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Quality Over Quantity: Determining Your CTI Detection Efficacy

Quality Over Quantity: Determining Your CTI Detection Efficacy

You’ve collected a lot of IOCs, but is your Cyber Threat Intelligence (CTI) process serving you well? Quantity alone doesn’t tell the whole story. What kinds of intel are you collecting and how useful is it for identifying incidents? What are your strongest areas and where are your gaps? Do you know enough about your priority threats to feel confident in your detection stance against them? These are hard questions to answer, and there’s little existing guidance for answering them.

Taking a case study approach, this session will teach attendees how to use models such as the MITRE ATT&CK framework and the Pyramid of Pain to analyze and visualize the quality of their collected CTI information, not just it’s quantity.

Attendees will learn:
1) How to load, normalize, and merge IOC data from disparate sources in your environment to make it ready for analysis
2) How to enrich the data with information from the Pyramid of Pain and the ATT&CK framework
3) How to visualize your collected threat intel to validate your collection strategy, to identify CTI strengths, and to prioritize closing collection gaps
4) Why you should do these things on a regular basis

David J. Bianco

March 20, 2019
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Transcript

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  2. I’d like you to review and identify gaps in
    what we know about our high priority threat
    actors going into peak [retail season].

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  4. Clean
    Merge
    Dump Extract
    Visualize
    IOCs TTPs

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  6. Assigning the IOCs and TTPs to phases in MITRE’s ATT&CK™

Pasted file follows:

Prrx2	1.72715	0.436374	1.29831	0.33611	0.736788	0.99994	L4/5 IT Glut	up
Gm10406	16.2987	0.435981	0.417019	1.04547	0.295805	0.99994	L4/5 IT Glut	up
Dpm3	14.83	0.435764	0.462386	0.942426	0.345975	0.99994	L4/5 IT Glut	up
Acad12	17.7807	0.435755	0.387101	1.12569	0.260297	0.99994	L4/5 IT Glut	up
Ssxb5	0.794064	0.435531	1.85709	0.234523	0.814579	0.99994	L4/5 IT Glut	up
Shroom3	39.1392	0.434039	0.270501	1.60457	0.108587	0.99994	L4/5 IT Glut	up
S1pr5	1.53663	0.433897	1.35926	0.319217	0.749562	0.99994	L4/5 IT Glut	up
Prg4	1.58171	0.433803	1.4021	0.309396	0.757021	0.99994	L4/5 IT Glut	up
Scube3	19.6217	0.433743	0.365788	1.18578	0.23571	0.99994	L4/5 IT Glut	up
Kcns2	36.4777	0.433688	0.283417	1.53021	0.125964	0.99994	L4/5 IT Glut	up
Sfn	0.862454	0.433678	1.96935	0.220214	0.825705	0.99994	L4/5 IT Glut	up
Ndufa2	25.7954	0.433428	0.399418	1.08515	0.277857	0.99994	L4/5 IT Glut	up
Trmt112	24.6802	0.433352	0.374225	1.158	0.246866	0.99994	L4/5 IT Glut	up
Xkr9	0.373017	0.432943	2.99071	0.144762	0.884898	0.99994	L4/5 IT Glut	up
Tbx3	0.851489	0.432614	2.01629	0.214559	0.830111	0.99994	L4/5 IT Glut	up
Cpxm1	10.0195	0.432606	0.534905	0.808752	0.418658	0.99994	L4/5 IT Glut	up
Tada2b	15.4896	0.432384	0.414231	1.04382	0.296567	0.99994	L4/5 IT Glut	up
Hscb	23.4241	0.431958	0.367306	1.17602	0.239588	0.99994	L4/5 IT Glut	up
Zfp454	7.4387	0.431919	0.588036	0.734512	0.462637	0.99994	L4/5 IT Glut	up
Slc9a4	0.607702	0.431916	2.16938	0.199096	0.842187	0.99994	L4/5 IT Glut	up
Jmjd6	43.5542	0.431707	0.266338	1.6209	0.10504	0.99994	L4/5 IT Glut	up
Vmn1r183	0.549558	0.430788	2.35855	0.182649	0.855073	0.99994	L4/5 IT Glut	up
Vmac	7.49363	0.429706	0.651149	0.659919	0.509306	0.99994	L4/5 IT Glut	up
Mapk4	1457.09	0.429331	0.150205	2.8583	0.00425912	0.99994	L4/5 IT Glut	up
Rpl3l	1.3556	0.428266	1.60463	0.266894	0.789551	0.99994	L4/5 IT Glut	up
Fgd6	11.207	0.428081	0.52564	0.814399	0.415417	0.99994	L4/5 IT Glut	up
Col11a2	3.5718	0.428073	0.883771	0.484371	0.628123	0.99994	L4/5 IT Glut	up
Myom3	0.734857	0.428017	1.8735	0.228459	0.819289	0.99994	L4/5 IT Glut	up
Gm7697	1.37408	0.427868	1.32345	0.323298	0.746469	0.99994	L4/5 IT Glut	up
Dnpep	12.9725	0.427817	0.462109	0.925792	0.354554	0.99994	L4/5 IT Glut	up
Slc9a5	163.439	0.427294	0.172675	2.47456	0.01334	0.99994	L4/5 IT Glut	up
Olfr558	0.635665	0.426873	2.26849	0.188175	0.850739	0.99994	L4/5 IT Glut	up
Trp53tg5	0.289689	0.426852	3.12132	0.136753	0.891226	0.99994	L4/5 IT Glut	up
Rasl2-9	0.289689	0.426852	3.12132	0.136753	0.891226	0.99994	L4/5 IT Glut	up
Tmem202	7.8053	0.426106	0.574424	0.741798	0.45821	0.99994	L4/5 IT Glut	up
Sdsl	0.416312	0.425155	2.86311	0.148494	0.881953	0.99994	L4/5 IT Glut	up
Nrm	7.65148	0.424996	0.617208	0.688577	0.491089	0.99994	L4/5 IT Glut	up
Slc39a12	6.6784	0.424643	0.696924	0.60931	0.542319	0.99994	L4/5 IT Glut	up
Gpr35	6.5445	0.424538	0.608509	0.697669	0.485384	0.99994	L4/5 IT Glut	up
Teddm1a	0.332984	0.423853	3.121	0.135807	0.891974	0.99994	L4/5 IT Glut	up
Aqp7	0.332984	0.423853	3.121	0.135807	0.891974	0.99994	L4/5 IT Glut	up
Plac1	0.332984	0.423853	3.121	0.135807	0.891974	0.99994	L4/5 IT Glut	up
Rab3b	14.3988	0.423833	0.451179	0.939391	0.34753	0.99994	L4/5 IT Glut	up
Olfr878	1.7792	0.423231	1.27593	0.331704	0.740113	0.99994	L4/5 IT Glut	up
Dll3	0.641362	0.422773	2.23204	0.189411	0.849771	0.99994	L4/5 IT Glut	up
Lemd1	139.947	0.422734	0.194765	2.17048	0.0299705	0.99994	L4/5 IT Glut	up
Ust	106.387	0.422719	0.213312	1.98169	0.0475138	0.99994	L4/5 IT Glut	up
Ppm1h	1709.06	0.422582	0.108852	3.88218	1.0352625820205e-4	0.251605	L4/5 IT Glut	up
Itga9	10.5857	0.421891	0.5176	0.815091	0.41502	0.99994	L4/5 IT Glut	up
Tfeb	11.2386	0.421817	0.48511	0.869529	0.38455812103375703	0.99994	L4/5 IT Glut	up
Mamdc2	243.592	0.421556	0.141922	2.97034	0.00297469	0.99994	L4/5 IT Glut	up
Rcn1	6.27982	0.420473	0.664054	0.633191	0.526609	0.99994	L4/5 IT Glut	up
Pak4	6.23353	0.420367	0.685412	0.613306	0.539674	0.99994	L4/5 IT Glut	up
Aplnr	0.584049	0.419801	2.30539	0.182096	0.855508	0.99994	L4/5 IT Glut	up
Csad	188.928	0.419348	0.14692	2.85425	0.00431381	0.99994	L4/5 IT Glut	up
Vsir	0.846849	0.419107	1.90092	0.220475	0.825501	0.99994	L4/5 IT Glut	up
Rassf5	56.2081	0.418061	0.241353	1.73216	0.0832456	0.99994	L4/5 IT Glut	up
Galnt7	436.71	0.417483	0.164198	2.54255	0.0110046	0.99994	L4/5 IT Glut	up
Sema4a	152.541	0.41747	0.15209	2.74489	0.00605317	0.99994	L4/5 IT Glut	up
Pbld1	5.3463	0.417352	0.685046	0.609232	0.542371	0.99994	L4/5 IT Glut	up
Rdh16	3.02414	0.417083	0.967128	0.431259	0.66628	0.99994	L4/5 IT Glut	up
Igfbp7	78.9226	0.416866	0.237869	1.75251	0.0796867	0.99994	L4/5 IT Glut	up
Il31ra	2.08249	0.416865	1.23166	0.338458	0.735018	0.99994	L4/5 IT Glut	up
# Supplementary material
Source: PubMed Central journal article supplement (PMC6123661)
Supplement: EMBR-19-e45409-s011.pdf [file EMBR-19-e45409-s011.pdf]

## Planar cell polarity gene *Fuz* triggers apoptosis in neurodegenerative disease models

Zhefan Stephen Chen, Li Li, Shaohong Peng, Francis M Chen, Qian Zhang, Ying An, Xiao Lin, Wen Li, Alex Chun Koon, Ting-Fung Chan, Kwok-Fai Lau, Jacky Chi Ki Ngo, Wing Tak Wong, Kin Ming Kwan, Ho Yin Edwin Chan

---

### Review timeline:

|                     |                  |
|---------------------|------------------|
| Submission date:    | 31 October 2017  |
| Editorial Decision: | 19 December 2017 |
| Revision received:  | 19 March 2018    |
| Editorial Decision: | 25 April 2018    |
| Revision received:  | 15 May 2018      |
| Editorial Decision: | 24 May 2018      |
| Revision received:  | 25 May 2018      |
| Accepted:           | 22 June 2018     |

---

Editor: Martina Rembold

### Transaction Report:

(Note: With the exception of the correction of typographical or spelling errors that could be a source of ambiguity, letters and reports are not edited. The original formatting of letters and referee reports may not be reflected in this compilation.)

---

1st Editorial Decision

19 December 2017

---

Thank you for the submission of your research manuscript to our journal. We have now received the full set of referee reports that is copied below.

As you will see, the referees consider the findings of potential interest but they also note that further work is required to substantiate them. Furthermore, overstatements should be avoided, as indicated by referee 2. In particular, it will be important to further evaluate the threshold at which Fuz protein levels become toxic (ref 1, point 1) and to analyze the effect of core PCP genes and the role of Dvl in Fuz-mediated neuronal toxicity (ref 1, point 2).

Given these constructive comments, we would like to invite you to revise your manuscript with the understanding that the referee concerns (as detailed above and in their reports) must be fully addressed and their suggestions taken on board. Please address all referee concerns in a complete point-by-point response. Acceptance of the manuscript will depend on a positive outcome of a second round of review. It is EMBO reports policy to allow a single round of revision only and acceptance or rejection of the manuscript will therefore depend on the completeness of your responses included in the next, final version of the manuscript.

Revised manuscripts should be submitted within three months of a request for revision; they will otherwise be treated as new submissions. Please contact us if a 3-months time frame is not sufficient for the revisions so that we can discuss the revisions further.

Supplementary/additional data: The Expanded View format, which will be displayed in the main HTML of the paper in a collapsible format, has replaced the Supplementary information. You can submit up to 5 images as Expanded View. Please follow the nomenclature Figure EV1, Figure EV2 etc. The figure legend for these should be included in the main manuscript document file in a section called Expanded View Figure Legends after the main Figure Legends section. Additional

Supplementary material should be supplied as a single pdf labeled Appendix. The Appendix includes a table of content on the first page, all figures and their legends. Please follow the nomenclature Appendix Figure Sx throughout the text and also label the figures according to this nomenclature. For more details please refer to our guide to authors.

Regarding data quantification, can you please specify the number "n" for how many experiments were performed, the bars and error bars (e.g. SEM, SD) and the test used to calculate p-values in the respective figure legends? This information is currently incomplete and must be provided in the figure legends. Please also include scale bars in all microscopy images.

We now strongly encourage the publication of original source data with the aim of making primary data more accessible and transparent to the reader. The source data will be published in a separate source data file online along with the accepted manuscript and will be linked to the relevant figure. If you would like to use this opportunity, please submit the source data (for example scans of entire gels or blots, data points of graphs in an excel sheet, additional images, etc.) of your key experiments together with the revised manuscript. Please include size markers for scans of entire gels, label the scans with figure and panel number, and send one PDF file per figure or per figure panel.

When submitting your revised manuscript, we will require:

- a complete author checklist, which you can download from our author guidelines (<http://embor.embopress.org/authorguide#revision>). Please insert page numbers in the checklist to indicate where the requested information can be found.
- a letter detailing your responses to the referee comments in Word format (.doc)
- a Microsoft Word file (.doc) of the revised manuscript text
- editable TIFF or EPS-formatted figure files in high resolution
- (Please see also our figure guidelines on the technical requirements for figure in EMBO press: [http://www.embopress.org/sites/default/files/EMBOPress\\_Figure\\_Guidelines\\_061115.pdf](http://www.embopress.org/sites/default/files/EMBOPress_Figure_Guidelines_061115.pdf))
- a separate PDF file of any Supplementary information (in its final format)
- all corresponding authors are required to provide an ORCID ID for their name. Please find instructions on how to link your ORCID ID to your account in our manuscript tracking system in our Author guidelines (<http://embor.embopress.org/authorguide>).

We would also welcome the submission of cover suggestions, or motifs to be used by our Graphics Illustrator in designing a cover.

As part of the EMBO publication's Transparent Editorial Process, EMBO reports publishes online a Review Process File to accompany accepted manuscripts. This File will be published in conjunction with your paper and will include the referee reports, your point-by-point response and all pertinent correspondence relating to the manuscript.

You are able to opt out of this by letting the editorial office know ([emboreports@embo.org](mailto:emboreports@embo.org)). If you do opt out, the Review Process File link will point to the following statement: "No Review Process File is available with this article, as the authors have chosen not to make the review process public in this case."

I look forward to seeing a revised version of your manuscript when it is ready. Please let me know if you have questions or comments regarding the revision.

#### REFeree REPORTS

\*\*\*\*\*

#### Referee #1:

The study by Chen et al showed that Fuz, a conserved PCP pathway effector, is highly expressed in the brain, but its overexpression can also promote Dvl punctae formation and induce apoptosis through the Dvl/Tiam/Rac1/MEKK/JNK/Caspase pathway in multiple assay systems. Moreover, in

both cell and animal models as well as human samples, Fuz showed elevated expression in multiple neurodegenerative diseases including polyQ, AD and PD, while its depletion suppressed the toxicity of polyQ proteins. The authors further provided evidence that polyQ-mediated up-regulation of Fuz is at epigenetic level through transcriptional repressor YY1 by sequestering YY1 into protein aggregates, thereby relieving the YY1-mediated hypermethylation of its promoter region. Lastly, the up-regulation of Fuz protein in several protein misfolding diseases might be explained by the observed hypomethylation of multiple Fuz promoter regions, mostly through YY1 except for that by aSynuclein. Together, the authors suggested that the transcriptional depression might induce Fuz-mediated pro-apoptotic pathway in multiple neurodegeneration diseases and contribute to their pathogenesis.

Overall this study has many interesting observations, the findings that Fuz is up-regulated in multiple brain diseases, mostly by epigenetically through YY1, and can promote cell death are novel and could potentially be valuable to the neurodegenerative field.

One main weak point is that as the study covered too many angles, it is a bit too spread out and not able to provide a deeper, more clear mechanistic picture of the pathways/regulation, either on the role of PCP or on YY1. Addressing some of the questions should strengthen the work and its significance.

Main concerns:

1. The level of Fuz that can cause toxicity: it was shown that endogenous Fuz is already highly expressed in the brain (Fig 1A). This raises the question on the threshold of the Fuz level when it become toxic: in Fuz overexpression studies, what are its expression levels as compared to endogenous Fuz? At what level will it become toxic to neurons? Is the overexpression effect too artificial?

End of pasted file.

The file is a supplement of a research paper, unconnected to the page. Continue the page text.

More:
lifecycle model allows us to see “where” in the lifecycle we know
    the most.
    Source: attack.mitre.org

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  7. Most of our CTI
    centers around
    the attacker’s
    process for gaining
    a foothold in the
    environment.
    We know little
    about what
    happens before or
    after.

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  8. Assigning IOCs to the
    appropriate Pyramid
    level helps describe their
    potential volatility and
    replaceability.
    Put another way, we want to maximize our ability to increase
    the adversary’s cost of action against us.
    Source: http://detect-respond.blogspot.com/2013/03/the-pyramid-of-pain.html

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  9. We’re doing pretty
    well covering most
    of the Pyramid.
    Looks like we need
    more info about
    their toolset,
    though.

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  10. Good
    Good
    Best
    Plotting the
    lifecycle phase vs.
    Pyramid level can
    reveal not only
    current strengths,
    but also
    opportunities for
    improvement.

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  11. Box plot of IOC
    age reveals your
    balance between
    currency and
    history.
    ”Banding” on the
    left reveals
    patterns of
    collection.
    Oldest
    Median
    Newest

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  12. Breaking down the
    ages by lifecycle
    phase gives more
    info about how
    current we are for
    each.

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  13. Analyzing it by
    Pyramid level is
    also useful in
    comparing IOC
    ages to volatility.
    The lower the
    level, the fresher
    your IOCs need to
    be.

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  14. Mapping the known
    TTPs to the ATT&CK
    Enterprise Matrix
    quickly shows strengths
    and weaknesses.
    White doesn’t imply a
    gap. Maybe the actor
    doesn’t do that thing.
    I’d like to find
    something better.

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  15. Challenge What we did
    CTI data in multiple repositories
    • Developed custom extraction for each and
    merging/deduplication logic
    • Manual review of priority actor wiki pages
    Data tracked by different repos is
    inconsistent, sometimes even when it
    looks the same (e.g., timestamps mean
    different things)
    • Analyzed using estimates and approximations
    when necessary
    • Custom merging/deduplication logic
    Converting a one-time analysis into a
    repeatable, automatable process
    • Captured code, documentation and graphs
    in a Jupyter Notebook
    • Work is still ongoing…

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